Reflecting on Amy Hempel’s “In A Tub”

After reading Amy Hempel’s “In a Tub,” I felt inspired to reflect on the story. Two years ago, I posted this essay on my blog, A Long Story Short.

 

I eyed my grey, suede moon boots and my white ski jacket in the front closet, smelled snow on the draft seeping through the front door, then climbed the steps of the landing and lay on my back– overwhelmed. When she pushed open the front door at five-twenty, her hair windblown, my mother would say through tight lips that the school called again and that she didn’t know what to do with me. But nothing would change how awful school was. Most days, I believed I was alien and wrong, and this belief paralyzed me so much that in a couple of months, having missed so many days I could not pass a single subject, I would quit grade ten altogether – pull my coat from my locker, then step uncertainly across the frozen lawn of the school to the intersection.

On this particular day, as I lay on my back, gazing at the white stippled ceiling and planning excuses that would satisfy my mother, but that wouldn’t really, my heart skipped a beat. I sat up and pressed my palm against my chest, but by that time the gulping emptiness in my ribs was gone. Still, in the second that my heart skipped a beat, I somehow saw trees upon trees and experienced the weird thought that I did not know what they were, that I was witnessing them for the first time. I filled with agony that I could not remain in the world, that my time was up.

“My heart—I thought it stopped.” So begins Amy Hempel’s “In A Tub,” a story that reminded me of that morning I decided to skip school. Hempel’s story gathers around the “scare” the “missed beat” causes the character. While the character’s moment of fright is of a different nature than mine, Hempel articulates the moment beautifully. The unnamed woman “head[s] for God,” to better hear her heart, but then discovers that the best way to hear it is in a tub of water, rather than inside a church.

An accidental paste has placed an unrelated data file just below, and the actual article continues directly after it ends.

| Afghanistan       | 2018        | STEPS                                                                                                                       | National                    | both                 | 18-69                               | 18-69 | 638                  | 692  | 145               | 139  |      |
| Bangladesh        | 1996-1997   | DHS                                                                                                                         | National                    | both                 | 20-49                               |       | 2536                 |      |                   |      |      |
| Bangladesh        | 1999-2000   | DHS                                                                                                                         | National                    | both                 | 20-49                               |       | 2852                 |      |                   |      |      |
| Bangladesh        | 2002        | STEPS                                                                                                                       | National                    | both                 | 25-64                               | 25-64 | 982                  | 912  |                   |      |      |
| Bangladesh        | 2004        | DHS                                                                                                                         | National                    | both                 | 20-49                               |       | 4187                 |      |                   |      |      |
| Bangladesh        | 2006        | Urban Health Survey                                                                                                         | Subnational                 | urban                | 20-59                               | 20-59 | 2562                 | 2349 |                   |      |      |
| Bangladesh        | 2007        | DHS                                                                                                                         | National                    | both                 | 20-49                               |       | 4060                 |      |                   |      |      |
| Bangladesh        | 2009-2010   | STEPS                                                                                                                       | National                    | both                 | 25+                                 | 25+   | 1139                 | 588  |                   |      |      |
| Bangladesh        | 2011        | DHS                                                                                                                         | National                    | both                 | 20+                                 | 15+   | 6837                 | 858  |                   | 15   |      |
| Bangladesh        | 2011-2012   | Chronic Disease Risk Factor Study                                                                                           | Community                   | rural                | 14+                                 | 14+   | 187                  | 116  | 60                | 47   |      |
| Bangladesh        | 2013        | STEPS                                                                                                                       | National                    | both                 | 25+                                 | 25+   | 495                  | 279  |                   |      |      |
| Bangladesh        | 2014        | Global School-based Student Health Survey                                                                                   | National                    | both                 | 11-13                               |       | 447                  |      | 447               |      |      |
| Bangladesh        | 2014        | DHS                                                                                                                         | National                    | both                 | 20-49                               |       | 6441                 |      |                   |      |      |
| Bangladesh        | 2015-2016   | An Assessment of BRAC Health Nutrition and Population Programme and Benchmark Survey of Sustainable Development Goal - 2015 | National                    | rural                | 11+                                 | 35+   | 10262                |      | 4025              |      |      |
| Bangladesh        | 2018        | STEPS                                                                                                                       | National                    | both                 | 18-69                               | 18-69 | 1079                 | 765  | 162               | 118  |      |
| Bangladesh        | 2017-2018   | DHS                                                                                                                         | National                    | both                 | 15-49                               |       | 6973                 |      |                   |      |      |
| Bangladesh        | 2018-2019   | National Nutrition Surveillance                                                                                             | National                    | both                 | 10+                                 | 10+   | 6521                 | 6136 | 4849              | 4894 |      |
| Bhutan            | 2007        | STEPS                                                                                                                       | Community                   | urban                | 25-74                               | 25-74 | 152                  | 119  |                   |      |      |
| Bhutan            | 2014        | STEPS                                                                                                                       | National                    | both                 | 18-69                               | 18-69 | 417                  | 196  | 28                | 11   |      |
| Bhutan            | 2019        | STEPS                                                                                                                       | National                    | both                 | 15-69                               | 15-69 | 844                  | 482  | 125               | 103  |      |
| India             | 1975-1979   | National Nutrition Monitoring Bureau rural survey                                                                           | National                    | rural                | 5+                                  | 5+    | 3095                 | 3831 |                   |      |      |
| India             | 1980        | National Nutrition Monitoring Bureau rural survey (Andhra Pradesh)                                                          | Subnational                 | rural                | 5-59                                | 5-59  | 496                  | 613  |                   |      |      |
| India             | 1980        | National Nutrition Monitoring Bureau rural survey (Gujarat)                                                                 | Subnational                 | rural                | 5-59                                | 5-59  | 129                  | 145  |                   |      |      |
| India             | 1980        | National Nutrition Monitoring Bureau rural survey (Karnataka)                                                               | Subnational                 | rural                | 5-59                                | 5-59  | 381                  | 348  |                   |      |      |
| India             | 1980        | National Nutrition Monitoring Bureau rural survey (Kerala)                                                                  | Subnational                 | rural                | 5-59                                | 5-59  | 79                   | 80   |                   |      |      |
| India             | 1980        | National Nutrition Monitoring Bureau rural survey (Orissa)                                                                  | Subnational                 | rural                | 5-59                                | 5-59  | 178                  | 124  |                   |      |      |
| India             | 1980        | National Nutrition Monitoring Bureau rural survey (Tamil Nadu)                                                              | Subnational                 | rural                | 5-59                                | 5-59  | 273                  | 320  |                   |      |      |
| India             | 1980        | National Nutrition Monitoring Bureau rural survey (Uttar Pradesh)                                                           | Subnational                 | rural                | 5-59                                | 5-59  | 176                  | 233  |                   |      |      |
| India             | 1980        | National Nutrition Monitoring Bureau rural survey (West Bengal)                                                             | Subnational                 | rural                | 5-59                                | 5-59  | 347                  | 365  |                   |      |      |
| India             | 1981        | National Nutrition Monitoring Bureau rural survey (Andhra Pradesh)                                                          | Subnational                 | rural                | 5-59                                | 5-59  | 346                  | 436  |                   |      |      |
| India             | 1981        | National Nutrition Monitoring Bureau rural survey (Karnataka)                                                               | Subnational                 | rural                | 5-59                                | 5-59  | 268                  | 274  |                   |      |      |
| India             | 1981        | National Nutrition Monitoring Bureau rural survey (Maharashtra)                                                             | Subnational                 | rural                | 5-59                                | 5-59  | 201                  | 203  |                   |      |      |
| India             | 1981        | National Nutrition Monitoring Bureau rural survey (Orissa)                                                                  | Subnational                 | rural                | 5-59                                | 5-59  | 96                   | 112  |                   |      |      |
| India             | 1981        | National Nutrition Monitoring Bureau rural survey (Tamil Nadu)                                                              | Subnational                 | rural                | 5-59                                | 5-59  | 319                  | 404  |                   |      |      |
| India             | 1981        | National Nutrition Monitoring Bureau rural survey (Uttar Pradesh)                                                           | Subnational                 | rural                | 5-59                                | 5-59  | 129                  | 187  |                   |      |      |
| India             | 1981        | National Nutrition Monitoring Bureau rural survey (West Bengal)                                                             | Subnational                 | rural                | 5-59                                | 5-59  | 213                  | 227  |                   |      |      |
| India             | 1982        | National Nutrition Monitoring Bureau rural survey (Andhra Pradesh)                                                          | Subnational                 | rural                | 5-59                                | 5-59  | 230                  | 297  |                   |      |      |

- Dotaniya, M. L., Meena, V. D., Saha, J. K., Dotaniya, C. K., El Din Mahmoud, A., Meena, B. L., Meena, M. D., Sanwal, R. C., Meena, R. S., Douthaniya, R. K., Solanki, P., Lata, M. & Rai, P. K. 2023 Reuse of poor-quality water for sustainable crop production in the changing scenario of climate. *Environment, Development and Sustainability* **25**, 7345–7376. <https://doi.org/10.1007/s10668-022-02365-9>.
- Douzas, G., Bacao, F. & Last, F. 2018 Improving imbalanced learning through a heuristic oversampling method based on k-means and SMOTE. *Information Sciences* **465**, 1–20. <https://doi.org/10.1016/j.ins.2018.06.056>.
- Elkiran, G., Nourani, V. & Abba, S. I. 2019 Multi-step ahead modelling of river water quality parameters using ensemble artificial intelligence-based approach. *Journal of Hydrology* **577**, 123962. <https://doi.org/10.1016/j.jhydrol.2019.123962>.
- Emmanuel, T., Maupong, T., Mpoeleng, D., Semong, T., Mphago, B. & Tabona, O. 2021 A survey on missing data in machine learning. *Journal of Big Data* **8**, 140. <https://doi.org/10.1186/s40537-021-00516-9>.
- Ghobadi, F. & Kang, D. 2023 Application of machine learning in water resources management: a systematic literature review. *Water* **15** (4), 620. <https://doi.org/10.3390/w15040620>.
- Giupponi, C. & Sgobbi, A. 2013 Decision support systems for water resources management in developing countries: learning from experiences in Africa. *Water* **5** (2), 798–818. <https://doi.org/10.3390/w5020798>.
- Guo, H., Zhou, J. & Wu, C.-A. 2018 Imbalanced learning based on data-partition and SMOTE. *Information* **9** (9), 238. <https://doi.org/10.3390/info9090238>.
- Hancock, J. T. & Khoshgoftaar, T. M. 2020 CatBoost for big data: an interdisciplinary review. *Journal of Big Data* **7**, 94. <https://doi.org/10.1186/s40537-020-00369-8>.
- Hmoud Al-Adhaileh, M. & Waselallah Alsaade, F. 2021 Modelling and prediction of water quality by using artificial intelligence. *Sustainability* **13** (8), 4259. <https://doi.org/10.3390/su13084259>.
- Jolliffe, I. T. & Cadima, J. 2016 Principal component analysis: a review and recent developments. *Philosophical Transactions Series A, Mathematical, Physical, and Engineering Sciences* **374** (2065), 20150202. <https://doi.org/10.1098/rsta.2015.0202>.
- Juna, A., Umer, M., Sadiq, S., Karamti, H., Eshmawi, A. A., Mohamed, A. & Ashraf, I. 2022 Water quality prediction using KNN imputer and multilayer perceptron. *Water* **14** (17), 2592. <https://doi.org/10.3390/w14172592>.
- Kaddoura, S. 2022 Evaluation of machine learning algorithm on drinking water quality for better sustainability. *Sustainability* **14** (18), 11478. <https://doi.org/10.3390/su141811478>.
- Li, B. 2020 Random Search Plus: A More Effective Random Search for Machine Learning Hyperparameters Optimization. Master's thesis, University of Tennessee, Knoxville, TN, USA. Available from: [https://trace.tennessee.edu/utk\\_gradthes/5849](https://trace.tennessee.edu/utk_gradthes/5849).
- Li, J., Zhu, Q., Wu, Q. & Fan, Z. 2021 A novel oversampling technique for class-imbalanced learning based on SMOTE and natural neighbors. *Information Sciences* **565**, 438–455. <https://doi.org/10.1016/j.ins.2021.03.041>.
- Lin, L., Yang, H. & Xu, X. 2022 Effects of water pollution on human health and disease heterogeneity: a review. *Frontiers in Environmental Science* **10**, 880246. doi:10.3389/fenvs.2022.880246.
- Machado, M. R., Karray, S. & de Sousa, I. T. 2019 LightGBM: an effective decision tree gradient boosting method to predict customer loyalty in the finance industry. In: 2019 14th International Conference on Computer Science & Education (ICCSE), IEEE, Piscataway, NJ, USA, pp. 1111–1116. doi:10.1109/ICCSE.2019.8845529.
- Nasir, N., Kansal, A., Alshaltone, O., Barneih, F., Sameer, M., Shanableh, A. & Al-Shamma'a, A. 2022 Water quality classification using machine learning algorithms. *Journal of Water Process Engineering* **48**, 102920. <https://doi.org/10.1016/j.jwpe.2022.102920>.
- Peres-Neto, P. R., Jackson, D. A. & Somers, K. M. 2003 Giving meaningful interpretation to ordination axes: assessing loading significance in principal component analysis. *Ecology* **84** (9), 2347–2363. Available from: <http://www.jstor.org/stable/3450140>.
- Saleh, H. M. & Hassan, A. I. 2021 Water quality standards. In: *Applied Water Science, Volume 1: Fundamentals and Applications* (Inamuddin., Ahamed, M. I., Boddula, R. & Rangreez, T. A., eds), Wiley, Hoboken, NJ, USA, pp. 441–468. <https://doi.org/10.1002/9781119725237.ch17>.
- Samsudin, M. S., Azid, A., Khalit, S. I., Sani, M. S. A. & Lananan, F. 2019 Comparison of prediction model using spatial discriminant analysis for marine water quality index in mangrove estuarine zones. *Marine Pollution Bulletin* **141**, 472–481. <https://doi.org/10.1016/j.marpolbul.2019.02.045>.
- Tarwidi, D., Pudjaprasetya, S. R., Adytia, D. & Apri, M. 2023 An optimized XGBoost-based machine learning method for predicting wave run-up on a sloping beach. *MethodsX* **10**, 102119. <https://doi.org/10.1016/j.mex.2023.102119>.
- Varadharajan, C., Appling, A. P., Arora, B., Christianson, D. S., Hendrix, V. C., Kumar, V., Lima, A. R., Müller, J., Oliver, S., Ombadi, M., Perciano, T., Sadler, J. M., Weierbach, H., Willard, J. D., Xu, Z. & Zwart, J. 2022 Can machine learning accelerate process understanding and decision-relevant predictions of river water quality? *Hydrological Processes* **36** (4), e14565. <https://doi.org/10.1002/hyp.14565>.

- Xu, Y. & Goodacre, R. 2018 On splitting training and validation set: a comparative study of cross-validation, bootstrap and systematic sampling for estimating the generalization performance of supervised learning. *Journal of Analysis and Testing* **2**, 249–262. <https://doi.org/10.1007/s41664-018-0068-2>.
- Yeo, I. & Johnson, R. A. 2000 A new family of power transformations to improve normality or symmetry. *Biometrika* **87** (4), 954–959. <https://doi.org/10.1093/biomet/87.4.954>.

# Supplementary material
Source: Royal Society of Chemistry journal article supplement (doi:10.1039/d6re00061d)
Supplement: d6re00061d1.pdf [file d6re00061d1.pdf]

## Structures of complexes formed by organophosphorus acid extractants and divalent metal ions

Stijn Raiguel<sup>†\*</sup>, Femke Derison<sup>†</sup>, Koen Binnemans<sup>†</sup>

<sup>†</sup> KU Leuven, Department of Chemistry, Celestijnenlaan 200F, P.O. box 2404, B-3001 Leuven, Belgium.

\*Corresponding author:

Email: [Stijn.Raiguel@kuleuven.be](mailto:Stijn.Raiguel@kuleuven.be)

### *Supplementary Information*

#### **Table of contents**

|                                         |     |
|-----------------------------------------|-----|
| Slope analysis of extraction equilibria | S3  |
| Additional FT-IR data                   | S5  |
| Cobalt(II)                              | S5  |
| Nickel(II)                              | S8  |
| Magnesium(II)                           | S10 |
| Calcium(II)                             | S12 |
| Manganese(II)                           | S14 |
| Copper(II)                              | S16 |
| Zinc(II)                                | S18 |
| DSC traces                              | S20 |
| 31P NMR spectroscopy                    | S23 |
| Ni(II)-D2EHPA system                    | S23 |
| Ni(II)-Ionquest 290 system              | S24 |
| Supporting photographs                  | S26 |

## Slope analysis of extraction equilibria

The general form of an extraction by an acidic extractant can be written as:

It’s not surprising, given the story’s title, that images of tubs hold the story together. A clay pot on the patio is “filled with water like a birdbath.” When the narrator is young, she sits in a concrete mixer that she has pulled from a construction site down to the shore of the lake; she sits in it, imagining floating across the water, “hearing nothing, for hours.” Her cat sleeps so deeply in the flower box that a gentle knock on the window does not disturb her.

The animals or humans contained in the “tubs” experience moments of rest and closeness with their bodies—moments that seem somehow outside of time.

Later, the narrator suggests how a person may best hear the heart:

Here is what you do. You ease yourself into a tub of water, you ease yourself down. You lie back and wait for the ripples to smooth away. Then you take a deep breath, and slide your head under, and listen for the playfulness of your heart.

The narrator’s need to hear her heart sheds light on what she needs, what she’s lacking—connection with her quieter and more hidden self , the self she might have been closer to as a teenager, as she sat in the concrete mixer by the lake.

Reading “In A Tub,” it occurred to me that Hempel’s stories, gaining so much power through use of image, among other techniques, are complete in fewer words than are other stories. Hempel expects readers to turn images every which way in the light, and by doing this, to access a story’s full meaning. If the reader searches for the usual clues—exposition, dialogue, telling actions, gestures—, presented in the usual way, she may feel defeated by Hempel’s work. In “In A Tub,” the tubs or tub-like structures form part of the story’s spine or plot; the plot of the story would weaken without them.

Even after my heart skipped a beat, I knew only that there was another way to see the world, and that I had to be frightened I would die to see it that way, but that I did not want to see it that way again. I wanted to stay home and watch One Life to Live or General Hospital, and I wanted to love the world the way it usually seemed.

Hempel’s character wants to hear her heart, while I, at fifteen, would have preferred to go through life without one. In both cases, though, the heart is central, as it always is.

Hempel, Amy. “In A Tub.” The Collected Stories. New York: Scribner. 2007. 3-4.

 

 

About the author

Kelli Deeth

Kelli Deeth is the author of The Girl Without Anyone and teaches creative writing at The University of Toronto.

By Kelli Deeth